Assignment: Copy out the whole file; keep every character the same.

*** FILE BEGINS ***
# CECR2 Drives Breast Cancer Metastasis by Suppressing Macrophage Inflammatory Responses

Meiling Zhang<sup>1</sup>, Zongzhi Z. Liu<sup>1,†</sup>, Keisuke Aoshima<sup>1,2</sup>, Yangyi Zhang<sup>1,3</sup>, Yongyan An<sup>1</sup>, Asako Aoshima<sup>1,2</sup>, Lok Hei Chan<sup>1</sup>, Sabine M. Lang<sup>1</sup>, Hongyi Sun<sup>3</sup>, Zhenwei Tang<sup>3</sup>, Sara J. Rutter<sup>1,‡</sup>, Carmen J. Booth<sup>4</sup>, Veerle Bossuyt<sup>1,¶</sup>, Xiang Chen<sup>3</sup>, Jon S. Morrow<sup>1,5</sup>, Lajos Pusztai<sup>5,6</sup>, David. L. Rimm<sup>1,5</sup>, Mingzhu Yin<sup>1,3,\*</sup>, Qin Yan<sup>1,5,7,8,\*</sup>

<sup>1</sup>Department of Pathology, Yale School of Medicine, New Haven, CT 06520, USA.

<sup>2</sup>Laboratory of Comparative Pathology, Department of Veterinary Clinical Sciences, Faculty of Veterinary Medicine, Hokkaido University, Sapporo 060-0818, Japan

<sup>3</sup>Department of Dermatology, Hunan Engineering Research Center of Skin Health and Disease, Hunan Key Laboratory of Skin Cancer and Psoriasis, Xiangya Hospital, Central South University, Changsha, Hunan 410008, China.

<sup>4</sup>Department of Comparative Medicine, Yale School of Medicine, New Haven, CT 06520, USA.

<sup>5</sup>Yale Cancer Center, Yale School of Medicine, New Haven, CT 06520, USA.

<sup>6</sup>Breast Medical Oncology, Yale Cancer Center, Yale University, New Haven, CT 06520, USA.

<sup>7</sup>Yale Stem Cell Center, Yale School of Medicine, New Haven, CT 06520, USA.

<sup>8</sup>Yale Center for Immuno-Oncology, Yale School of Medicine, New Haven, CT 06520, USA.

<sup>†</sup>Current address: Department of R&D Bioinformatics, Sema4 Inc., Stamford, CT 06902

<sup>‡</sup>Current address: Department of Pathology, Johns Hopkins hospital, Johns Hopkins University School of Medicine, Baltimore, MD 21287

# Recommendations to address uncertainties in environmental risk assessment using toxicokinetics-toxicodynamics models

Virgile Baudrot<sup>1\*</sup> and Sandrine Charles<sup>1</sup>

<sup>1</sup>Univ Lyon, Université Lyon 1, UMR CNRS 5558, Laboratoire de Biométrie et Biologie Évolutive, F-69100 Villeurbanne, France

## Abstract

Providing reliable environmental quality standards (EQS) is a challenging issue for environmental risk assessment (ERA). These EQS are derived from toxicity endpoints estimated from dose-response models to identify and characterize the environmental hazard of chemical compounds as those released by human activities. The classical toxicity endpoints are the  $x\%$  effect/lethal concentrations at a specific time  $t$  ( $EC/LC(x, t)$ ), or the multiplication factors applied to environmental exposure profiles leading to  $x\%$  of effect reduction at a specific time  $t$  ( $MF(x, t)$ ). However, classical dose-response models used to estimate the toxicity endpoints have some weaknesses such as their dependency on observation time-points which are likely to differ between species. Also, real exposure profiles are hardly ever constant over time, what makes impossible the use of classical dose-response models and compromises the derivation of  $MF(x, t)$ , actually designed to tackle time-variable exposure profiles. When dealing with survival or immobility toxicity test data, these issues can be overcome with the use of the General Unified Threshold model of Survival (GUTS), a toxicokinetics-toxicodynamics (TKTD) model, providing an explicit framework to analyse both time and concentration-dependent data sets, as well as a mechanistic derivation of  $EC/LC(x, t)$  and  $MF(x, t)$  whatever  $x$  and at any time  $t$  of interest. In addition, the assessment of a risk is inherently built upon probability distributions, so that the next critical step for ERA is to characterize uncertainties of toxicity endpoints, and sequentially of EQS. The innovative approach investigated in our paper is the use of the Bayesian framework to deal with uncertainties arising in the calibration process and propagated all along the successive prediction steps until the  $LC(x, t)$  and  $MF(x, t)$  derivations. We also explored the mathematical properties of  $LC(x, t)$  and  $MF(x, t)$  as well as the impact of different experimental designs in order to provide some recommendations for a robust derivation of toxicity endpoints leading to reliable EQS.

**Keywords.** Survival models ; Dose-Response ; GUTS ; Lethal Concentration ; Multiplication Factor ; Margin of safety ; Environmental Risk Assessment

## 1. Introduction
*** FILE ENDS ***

# CECR2 Drives Breast Cancer Metastasis by Suppressing Macrophage Inflammatory Responses

Meiling Zhang<sup>1</sup>, Zongzhi Z. Liu<sup>1,†</sup>, Keisuke Aoshima<sup>1,2</sup>, Yangyi Zhang<sup>1,3</sup>, Yongyan An<sup>1</sup>, Asako Aoshima<sup>1,2</sup>, Lok Hei Chan<sup>1</sup>, Sabine M. Lang<sup>1</sup>, Hongyi Sun<sup>3</sup>, Zhenwei Tang<sup>3</sup>, Sara J. Rutter<sup>1,‡</sup>, Carmen J. Booth<sup>4</sup>, Veerle Bossuyt<sup>1,¶</sup>, Xiang Chen<sup>3</sup>, Jon S. Morrow<sup>1,5</sup>, Lajos Pusztai<sup>5,6</sup>, David. L. Rimm<sup>1,5</sup>, Mingzhu Yin<sup>1,3,\*</sup>, Qin Yan<sup>1,5,7,8,\*</sup>

<sup>1</sup>Department of Pathology, Yale School of Medicine, New Haven, CT 06520, USA.

<sup>2</sup>Laboratory of Comparative Pathology, Department of Veterinary Clinical Sciences, Faculty of Veterinary Medicine, Hokkaido University, Sapporo 060-0818, Japan

<sup>3</sup>Department of Dermatology, Hunan Engineering Research Center of Skin Health and Disease, Hunan Key Laboratory of Skin Cancer and Psoriasis, Xiangya Hospital, Central South University, Changsha, Hunan 410008, China.

<sup>4</sup>Department of Comparative Medicine, Yale School of Medicine, New Haven, CT 06520, USA.

<sup>5</sup>Yale Cancer Center, Yale School of Medicine, New Haven, CT 06520, USA.

<sup>6</sup>Breast Medical Oncology, Yale Cancer Center, Yale University, New Haven, CT 06520, USA.

<sup>7</sup>Yale Stem Cell Center, Yale School of Medicine, New Haven, CT 06520, USA.

<sup>8</sup>Yale Center for Immuno-Oncology, Yale School of Medicine, New Haven, CT 06520, USA.

<sup>†</sup>Current address: Department of R&D Bioinformatics, Sema4 Inc., Stamford, CT 06902

<sup>‡</sup>Current address: Department of Pathology, Johns Hopkins hospital, Johns Hopkins University School of Medicine, Baltimore, MD 21287

# Recommendations to address uncertainties in environmental risk assessment using toxicokinetics-toxicodynamics models

Virgile Baudrot<sup>1\*</sup> and Sandrine Charles<sup>1</sup>

<sup>1</sup>Univ Lyon, Université Lyon 1, UMR CNRS 5558, Laboratoire de Biométrie et Biologie Évolutive, F-69100 Villeurbanne, France

## Abstract

Providing reliable environmental quality standards (EQS) is a challenging issue for environmental risk assessment (ERA). These EQS are derived from toxicity endpoints estimated from dose-response models to identify and characterize the environmental hazard of chemical compounds as those released by human activities. The classical toxicity endpoints are the  $x\%$  effect/lethal concentrations at a specific time  $t$  ( $EC/LC(x, t)$ ), or the multiplication factors applied to environmental exposure profiles leading to  $x\%$  of effect reduction at a specific time  $t$  ( $MF(x, t)$ ). However, classical dose-response models used to estimate the toxicity endpoints have some weaknesses such as their dependency on observation time-points which are likely to differ between species. Also, real exposure profiles are hardly ever constant over time, what makes impossible the use of classical dose-response models and compromises the derivation of  $MF(x, t)$ , actually designed to tackle time-variable exposure profiles. When dealing with survival or immobility toxicity test data, these issues can be overcome with the use of the General Unified Threshold model of Survival (GUTS), a toxicokinetics-toxicodynamics (TKTD) model, providing an explicit framework to analyse both time and concentration-dependent data sets, as well as a mechanistic derivation of  $EC/LC(x, t)$  and  $MF(x, t)$  whatever  $x$  and at any time  $t$  of interest. In addition, the assessment of a risk is inherently built upon probability distributions, so that the next critical step for ERA is to characterize uncertainties of toxicity endpoints, and sequentially of EQS. The innovative approach investigated in our paper is the use of the Bayesian framework to deal with uncertainties arising in the calibration process and propagated all along the successive prediction steps until the  $LC(x, t)$  and  $MF(x, t)$  derivations. We also explored the mathematical properties of  $LC(x, t)$  and  $MF(x, t)$  as well as the impact of different experimental designs in order to provide some recommendations for a robust derivation of toxicity endpoints leading to reliable EQS.

**Keywords.** Survival models ; Dose-Response ; GUTS ; Lethal Concentration ; Multiplication Factor ; Margin of safety ; Environmental Risk Assessment

## 1. Introduction